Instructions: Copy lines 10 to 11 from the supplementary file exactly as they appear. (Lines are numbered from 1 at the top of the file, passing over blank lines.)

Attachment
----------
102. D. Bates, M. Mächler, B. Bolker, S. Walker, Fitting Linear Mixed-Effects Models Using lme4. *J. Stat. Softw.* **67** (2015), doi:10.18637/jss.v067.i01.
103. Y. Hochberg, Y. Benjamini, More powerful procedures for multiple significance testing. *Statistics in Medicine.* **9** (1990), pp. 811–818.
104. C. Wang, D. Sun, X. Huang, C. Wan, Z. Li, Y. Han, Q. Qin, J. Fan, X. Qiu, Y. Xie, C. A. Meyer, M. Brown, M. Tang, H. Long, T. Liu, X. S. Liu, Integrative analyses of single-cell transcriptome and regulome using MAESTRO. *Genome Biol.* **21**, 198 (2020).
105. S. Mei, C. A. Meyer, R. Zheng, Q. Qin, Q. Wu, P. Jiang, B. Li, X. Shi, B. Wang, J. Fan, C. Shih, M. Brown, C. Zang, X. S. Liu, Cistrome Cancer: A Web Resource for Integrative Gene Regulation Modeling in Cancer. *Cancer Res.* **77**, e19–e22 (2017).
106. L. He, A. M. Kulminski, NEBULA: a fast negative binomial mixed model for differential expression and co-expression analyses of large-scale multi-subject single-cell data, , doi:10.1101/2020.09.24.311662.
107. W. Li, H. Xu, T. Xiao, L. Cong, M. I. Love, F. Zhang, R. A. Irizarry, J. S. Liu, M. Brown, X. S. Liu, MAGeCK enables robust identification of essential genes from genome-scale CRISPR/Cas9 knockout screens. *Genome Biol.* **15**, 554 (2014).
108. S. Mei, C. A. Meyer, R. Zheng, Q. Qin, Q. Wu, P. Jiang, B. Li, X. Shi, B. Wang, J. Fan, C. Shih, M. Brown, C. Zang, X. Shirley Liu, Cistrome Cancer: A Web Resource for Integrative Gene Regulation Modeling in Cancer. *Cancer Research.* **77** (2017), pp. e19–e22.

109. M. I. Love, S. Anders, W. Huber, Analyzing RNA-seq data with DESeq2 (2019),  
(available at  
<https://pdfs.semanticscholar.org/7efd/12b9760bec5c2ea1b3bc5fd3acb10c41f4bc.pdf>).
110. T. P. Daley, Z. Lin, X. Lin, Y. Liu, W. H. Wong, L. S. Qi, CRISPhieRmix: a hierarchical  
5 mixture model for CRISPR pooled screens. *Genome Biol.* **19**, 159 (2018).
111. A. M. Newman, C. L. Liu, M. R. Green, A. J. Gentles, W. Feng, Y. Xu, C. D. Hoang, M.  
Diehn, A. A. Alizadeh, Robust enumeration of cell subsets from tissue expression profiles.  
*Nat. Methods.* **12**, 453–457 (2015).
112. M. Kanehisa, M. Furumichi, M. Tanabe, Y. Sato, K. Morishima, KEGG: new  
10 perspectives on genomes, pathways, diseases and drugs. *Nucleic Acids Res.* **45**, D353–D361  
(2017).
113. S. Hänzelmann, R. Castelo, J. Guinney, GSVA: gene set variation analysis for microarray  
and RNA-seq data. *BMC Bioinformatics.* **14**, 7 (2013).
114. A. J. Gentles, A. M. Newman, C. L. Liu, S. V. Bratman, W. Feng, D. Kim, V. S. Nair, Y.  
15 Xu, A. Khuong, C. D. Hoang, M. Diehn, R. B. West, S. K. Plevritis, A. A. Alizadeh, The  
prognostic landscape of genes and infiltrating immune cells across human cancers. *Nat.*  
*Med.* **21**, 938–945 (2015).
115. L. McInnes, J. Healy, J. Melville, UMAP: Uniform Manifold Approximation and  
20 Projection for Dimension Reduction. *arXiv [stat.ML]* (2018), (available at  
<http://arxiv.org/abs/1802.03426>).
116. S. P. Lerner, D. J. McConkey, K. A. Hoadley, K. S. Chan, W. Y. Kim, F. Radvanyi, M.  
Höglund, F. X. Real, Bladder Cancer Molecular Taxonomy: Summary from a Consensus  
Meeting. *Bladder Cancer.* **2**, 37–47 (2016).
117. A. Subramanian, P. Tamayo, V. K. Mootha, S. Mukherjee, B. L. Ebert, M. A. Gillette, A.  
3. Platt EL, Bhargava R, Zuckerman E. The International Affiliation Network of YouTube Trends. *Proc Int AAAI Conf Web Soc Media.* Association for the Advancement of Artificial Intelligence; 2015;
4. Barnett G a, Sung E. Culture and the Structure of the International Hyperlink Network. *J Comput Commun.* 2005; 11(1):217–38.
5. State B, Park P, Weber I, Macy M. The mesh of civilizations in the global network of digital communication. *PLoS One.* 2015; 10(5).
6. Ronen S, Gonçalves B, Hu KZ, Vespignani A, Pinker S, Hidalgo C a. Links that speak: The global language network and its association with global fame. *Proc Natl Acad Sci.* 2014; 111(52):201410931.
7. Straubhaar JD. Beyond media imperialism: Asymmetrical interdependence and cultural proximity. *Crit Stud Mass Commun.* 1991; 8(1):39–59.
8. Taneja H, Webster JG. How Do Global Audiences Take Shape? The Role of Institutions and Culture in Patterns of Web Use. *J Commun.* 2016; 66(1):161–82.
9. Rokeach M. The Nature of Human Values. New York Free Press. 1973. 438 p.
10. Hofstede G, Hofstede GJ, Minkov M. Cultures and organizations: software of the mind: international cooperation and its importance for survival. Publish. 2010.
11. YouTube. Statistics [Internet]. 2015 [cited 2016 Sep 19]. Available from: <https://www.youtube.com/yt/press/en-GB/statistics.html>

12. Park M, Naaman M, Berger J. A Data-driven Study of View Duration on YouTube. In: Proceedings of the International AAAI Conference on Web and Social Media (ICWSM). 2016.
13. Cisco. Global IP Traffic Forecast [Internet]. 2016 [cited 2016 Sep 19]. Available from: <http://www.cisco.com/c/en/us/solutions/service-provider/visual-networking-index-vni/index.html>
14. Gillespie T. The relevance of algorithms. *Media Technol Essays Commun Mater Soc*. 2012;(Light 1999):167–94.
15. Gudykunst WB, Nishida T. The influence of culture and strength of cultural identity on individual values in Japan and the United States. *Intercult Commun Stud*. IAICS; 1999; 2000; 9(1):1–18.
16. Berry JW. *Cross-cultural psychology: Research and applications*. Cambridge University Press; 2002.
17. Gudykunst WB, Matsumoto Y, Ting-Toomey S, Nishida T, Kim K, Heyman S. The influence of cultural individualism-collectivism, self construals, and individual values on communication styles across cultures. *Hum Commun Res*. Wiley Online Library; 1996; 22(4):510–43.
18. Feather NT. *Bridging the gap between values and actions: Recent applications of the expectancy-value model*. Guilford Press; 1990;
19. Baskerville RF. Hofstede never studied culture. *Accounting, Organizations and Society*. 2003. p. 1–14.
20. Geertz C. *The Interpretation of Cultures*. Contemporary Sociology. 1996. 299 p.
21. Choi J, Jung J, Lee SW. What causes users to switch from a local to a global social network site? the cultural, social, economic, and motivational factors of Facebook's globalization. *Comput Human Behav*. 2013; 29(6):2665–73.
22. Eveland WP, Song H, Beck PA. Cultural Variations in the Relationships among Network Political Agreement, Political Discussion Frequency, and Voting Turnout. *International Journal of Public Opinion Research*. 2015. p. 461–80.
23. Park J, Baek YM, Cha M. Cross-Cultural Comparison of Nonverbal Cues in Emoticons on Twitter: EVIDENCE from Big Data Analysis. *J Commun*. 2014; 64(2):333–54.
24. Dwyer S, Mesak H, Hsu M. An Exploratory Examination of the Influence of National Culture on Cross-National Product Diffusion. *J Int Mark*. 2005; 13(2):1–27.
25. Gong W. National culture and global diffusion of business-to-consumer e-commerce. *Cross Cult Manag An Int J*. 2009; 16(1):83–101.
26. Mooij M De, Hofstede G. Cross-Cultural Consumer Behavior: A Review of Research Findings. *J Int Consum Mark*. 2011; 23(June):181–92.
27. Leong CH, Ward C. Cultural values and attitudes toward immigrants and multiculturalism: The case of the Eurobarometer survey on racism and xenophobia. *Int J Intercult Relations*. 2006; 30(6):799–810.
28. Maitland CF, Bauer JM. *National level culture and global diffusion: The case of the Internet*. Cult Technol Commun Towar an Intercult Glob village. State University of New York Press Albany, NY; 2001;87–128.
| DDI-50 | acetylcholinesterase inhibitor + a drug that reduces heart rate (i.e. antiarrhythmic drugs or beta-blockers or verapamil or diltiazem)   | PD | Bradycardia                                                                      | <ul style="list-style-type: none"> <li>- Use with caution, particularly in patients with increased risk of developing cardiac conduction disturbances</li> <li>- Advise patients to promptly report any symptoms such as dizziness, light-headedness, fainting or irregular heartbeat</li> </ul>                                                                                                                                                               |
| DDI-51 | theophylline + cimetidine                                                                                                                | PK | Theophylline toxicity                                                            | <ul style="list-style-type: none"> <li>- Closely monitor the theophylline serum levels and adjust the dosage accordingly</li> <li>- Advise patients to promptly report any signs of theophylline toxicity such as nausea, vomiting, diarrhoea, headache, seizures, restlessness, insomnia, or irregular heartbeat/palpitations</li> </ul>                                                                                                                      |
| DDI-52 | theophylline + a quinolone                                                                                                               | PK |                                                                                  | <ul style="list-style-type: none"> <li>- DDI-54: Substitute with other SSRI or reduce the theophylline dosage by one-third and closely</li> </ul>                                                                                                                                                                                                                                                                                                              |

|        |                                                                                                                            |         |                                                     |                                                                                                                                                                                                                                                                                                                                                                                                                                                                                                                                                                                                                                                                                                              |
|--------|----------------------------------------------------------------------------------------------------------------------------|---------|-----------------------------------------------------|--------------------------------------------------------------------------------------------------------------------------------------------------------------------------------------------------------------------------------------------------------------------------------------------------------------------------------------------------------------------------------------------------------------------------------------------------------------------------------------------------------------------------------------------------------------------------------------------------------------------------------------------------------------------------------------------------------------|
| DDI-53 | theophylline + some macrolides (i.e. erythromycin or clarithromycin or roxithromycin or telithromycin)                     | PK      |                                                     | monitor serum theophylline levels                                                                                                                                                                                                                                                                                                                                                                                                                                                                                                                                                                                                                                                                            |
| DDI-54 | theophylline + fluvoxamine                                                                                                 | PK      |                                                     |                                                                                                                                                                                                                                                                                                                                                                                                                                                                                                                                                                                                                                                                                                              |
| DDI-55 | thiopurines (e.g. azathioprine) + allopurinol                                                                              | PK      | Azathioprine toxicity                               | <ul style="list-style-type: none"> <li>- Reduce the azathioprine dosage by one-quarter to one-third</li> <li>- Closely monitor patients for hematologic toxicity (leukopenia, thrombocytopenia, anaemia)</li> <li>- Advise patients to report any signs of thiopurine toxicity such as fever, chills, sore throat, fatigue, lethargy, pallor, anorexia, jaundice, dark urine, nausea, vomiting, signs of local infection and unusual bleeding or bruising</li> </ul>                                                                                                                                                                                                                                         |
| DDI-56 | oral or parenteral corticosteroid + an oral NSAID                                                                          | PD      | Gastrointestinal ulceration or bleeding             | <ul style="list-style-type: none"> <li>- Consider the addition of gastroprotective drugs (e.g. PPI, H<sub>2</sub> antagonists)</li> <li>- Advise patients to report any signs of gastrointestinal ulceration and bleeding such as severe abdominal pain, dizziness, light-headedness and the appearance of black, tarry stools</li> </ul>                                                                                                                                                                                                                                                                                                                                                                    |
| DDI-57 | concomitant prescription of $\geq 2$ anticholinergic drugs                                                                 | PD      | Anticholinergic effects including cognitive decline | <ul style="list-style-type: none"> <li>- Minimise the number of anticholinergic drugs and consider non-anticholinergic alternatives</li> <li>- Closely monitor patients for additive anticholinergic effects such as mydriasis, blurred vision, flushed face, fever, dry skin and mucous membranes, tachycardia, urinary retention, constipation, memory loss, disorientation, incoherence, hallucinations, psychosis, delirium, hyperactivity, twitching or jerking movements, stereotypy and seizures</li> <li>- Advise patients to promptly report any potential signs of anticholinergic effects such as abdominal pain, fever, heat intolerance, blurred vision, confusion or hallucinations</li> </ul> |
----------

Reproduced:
<https://pdfs.semanticscholar.org/7efd/12b9760bec5c2ea1b3bc5fd3acb10c41f4bc.pdf>).
110. T. P. Daley, Z. Lin, X. Lin, Y. Liu, W. H. Wong, L. S. Qi, CRISPhieRmix: a hierarchical  